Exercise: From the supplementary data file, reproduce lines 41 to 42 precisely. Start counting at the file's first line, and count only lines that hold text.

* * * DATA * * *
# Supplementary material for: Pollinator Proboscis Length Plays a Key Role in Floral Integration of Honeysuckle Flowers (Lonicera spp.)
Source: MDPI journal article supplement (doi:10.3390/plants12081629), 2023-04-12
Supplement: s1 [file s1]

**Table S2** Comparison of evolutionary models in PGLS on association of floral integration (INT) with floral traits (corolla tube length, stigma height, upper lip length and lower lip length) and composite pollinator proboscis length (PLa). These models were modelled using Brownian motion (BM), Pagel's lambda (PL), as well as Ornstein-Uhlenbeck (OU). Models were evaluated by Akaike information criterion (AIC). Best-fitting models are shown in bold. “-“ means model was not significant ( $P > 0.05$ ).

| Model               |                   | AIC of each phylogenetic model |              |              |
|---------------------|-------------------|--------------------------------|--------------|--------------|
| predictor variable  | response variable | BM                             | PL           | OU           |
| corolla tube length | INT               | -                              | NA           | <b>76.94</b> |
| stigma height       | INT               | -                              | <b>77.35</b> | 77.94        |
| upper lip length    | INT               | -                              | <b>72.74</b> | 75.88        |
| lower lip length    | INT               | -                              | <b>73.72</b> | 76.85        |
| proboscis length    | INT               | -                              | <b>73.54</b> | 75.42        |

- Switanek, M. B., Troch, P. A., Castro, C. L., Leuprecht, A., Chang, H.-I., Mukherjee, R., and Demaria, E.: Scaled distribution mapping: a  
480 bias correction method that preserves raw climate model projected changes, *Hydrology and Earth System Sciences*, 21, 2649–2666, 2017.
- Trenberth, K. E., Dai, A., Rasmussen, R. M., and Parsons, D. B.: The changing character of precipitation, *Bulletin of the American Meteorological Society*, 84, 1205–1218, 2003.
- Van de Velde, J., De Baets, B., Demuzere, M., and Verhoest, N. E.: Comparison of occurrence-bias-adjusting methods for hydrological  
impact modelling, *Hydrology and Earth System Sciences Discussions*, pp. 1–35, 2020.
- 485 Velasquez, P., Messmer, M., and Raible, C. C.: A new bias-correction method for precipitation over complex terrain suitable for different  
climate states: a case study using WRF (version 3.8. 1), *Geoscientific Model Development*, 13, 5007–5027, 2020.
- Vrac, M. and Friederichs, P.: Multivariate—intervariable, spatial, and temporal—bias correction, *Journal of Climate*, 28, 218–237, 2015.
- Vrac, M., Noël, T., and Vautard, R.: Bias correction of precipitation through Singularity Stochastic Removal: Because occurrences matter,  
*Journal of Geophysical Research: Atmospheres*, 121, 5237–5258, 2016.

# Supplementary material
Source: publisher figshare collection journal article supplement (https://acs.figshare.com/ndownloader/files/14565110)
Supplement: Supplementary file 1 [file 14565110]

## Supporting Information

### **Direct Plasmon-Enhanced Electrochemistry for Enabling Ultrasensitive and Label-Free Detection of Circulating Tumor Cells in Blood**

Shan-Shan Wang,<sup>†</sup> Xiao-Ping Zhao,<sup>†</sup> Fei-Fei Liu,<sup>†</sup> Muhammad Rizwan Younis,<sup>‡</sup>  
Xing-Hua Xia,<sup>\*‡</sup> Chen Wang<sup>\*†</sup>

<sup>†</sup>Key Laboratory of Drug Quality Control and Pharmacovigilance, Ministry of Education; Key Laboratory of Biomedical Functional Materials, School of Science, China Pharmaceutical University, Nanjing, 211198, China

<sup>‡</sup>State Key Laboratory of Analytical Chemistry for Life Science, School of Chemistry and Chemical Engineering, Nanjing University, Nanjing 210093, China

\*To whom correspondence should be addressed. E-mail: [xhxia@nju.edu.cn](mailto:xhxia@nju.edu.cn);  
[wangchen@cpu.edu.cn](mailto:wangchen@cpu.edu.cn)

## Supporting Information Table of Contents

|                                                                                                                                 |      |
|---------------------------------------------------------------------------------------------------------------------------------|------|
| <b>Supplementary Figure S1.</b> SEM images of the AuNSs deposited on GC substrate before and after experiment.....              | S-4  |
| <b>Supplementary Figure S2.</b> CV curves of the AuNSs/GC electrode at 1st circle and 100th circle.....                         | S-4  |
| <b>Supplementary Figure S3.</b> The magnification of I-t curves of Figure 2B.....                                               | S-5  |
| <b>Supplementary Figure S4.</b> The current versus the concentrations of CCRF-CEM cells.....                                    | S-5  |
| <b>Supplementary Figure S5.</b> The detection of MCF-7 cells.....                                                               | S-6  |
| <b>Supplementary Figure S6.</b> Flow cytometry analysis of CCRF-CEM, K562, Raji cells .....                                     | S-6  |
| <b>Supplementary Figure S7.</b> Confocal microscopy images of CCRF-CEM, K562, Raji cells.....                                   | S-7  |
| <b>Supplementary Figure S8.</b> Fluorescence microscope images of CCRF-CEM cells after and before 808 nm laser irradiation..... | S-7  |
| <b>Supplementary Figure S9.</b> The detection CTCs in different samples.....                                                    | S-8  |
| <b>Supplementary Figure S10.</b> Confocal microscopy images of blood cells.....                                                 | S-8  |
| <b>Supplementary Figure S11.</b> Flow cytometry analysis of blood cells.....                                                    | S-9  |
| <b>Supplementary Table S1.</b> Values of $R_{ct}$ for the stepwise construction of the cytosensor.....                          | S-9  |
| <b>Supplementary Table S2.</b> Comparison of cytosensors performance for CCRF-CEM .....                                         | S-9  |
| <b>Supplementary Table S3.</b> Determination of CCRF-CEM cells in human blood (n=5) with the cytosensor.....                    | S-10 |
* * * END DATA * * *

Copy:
| <b>Supplementary Figure S5.</b> The detection of MCF-7 cells.....                                                               | S-6  |
| <b>Supplementary Figure S6.</b> Flow cytometry analysis of CCRF-CEM, K562, Raji cells .....                                     | S-6  |